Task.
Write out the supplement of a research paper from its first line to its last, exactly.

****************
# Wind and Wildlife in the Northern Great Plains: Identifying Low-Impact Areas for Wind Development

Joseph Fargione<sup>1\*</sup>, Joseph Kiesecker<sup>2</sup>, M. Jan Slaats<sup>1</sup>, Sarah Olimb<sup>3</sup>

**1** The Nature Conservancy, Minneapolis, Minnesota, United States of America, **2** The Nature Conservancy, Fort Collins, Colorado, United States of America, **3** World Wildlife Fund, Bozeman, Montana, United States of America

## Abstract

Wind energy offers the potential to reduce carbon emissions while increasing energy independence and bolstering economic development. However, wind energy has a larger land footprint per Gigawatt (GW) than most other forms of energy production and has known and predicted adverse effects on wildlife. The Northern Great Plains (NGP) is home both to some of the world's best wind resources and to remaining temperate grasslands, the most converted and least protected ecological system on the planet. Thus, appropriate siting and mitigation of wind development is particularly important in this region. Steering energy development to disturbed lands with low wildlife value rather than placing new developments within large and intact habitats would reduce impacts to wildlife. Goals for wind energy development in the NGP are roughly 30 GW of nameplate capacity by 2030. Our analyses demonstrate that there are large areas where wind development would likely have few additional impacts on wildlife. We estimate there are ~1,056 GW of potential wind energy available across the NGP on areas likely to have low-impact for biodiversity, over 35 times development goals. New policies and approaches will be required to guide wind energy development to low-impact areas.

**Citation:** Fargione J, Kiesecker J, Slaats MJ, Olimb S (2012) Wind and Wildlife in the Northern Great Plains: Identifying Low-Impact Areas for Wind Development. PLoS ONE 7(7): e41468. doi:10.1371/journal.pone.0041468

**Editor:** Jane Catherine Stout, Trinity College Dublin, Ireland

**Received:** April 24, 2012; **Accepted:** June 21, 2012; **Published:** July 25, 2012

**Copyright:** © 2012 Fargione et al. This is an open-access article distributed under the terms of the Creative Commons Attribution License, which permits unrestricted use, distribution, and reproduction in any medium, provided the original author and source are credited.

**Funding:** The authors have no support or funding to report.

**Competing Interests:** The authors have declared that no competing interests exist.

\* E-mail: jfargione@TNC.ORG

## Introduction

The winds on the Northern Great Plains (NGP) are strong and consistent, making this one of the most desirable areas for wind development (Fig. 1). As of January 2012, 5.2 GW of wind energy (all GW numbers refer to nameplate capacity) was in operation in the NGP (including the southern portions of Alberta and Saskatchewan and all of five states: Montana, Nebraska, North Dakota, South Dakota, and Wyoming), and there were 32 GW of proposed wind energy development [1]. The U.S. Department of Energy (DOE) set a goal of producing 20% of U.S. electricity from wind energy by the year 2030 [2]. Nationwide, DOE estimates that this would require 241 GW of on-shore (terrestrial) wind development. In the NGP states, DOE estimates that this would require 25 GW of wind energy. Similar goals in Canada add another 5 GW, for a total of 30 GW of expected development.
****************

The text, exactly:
# Wind and Wildlife in the Northern Great Plains: Identifying Low-Impact Areas for Wind Development

Joseph Fargione<sup>1\*</sup>, Joseph Kiesecker<sup>2</sup>, M. Jan Slaats<sup>1</sup>, Sarah Olimb<sup>3</sup>

**1** The Nature Conservancy, Minneapolis, Minnesota, United States of America, **2** The Nature Conservancy, Fort Collins, Colorado, United States of America, **3** World Wildlife Fund, Bozeman, Montana, United States of America

## Abstract

Wind energy offers the potential to reduce carbon emissions while increasing energy independence and bolstering economic development. However, wind energy has a larger land footprint per Gigawatt (GW) than most other forms of energy production and has known and predicted adverse effects on wildlife. The Northern Great Plains (NGP) is home both to some of the world's best wind resources and to remaining temperate grasslands, the most converted and least protected ecological system on the planet. Thus, appropriate siting and mitigation of wind development is particularly important in this region. Steering energy development to disturbed lands with low wildlife value rather than placing new developments within large and intact habitats would reduce impacts to wildlife. Goals for wind energy development in the NGP are roughly 30 GW of nameplate capacity by 2030. Our analyses demonstrate that there are large areas where wind development would likely have few additional impacts on wildlife. We estimate there are ~1,056 GW of potential wind energy available across the NGP on areas likely to have low-impact for biodiversity, over 35 times development goals. New policies and approaches will be required to guide wind energy development to low-impact areas.

**Citation:** Fargione J, Kiesecker J, Slaats MJ, Olimb S (2012) Wind and Wildlife in the Northern Great Plains: Identifying Low-Impact Areas for Wind Development. PLoS ONE 7(7): e41468. doi:10.1371/journal.pone.0041468

**Editor:** Jane Catherine Stout, Trinity College Dublin, Ireland

**Received:** April 24, 2012; **Accepted:** June 21, 2012; **Published:** July 25, 2012

**Copyright:** © 2012 Fargione et al. This is an open-access article distributed under the terms of the Creative Commons Attribution License, which permits unrestricted use, distribution, and reproduction in any medium, provided the original author and source are credited.

**Funding:** The authors have no support or funding to report.

**Competing Interests:** The authors have declared that no competing interests exist.

\* E-mail: jfargione@TNC.ORG

## Introduction

The winds on the Northern Great Plains (NGP) are strong and consistent, making this one of the most desirable areas for wind development (Fig. 1). As of January 2012, 5.2 GW of wind energy (all GW numbers refer to nameplate capacity) was in operation in the NGP (including the southern portions of Alberta and Saskatchewan and all of five states: Montana, Nebraska, North Dakota, South Dakota, and Wyoming), and there were 32 GW of proposed wind energy development [1]. The U.S. Department of Energy (DOE) set a goal of producing 20% of U.S. electricity from wind energy by the year 2030 [2]. Nationwide, DOE estimates that this would require 241 GW of on-shore (terrestrial) wind development. In the NGP states, DOE estimates that this would require 25 GW of wind energy. Similar goals in Canada add another 5 GW, for a total of 30 GW of expected development.